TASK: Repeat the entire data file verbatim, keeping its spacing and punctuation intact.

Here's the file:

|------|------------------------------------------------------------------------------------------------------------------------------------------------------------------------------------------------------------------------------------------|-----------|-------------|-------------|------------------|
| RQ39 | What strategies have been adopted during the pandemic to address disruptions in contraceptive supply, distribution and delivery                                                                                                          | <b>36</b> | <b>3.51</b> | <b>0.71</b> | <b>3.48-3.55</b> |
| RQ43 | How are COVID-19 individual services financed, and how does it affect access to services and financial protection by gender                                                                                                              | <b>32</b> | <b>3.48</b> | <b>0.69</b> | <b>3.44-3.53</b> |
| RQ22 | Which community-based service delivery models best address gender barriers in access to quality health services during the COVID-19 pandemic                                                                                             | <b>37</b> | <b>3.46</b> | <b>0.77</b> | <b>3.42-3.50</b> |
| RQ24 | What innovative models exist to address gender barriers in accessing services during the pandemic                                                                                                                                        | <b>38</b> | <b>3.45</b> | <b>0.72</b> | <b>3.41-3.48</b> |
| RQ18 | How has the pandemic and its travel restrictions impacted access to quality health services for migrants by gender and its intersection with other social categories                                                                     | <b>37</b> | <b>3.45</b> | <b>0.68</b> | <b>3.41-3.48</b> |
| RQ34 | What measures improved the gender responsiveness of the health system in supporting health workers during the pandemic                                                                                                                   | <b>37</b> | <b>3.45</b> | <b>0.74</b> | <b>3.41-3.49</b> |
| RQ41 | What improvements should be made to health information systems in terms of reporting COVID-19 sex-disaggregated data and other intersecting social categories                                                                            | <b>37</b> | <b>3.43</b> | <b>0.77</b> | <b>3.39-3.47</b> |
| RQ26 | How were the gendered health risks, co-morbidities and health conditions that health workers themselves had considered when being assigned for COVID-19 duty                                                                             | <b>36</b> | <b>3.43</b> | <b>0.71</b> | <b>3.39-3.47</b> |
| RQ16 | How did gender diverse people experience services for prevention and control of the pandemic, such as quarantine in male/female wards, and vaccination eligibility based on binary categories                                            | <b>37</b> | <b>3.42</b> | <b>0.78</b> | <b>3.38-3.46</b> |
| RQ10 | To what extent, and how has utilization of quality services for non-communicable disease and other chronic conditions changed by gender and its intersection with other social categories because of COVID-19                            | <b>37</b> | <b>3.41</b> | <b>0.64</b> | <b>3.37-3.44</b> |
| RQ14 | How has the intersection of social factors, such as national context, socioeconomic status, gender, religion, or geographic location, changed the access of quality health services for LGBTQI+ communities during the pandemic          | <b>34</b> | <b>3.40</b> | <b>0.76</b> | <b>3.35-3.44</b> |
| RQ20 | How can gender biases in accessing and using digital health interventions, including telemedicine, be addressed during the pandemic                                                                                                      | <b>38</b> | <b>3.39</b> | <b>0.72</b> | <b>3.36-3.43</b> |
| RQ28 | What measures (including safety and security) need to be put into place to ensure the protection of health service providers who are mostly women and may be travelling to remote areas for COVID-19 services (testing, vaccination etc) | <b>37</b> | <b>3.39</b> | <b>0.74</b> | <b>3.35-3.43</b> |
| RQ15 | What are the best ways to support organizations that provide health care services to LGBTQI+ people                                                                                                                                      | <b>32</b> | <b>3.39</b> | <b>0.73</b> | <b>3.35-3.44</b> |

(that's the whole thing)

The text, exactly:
|------|------------------------------------------------------------------------------------------------------------------------------------------------------------------------------------------------------------------------------------------|-----------|-------------|-------------|------------------|
| RQ39 | What strategies have been adopted during the pandemic to address disruptions in contraceptive supply, distribution and delivery                                                                                                          | <b>36</b> | <b>3.51</b> | <b>0.71</b> | <b>3.48-3.55</b> |
| RQ43 | How are COVID-19 individual services financed, and how does it affect access to services and financial protection by gender                                                                                                              | <b>32</b> | <b>3.48</b> | <b>0.69</b> | <b>3.44-3.53</b> |
| RQ22 | Which community-based service delivery models best address gender barriers in access to quality health services during the COVID-19 pandemic                                                                                             | <b>37</b> | <b>3.46</b> | <b>0.77</b> | <b>3.42-3.50</b> |
| RQ24 | What innovative models exist to address gender barriers in accessing services during the pandemic                                                                                                                                        | <b>38</b> | <b>3.45</b> | <b>0.72</b> | <b>3.41-3.48</b> |
| RQ18 | How has the pandemic and its travel restrictions impacted access to quality health services for migrants by gender and its intersection with other social categories                                                                     | <b>37</b> | <b>3.45</b> | <b>0.68</b> | <b>3.41-3.48</b> |
| RQ34 | What measures improved the gender responsiveness of the health system in supporting health workers during the pandemic                                                                                                                   | <b>37</b> | <b>3.45</b> | <b>0.74</b> | <b>3.41-3.49</b> |
| RQ41 | What improvements should be made to health information systems in terms of reporting COVID-19 sex-disaggregated data and other intersecting social categories                                                                            | <b>37</b> | <b>3.43</b> | <b>0.77</b> | <b>3.39-3.47</b> |
| RQ26 | How were the gendered health risks, co-morbidities and health conditions that health workers themselves had considered when being assigned for COVID-19 duty                                                                             | <b>36</b> | <b>3.43</b> | <b>0.71</b> | <b>3.39-3.47</b> |
| RQ16 | How did gender diverse people experience services for prevention and control of the pandemic, such as quarantine in male/female wards, and vaccination eligibility based on binary categories                                            | <b>37</b> | <b>3.42</b> | <b>0.78</b> | <b>3.38-3.46</b> |
| RQ10 | To what extent, and how has utilization of quality services for non-communicable disease and other chronic conditions changed by gender and its intersection with other social categories because of COVID-19                            | <b>37</b> | <b>3.41</b> | <b>0.64</b> | <b>3.37-3.44</b> |
| RQ14 | How has the intersection of social factors, such as national context, socioeconomic status, gender, religion, or geographic location, changed the access of quality health services for LGBTQI+ communities during the pandemic          | <b>34</b> | <b>3.40</b> | <b>0.76</b> | <b>3.35-3.44</b> |
| RQ20 | How can gender biases in accessing and using digital health interventions, including telemedicine, be addressed during the pandemic                                                                                                      | <b>38</b> | <b>3.39</b> | <b>0.72</b> | <b>3.36-3.43</b> |
| RQ28 | What measures (including safety and security) need to be put into place to ensure the protection of health service providers who are mostly women and may be travelling to remote areas for COVID-19 services (testing, vaccination etc) | <b>37</b> | <b>3.39</b> | <b>0.74</b> | <b>3.35-3.43</b> |
| RQ15 | What are the best ways to support organizations that provide health care services to LGBTQI+ people                                                                                                                                      | <b>32</b> | <b>3.39</b> | <b>0.73</b> | <b>3.35-3.44</b> |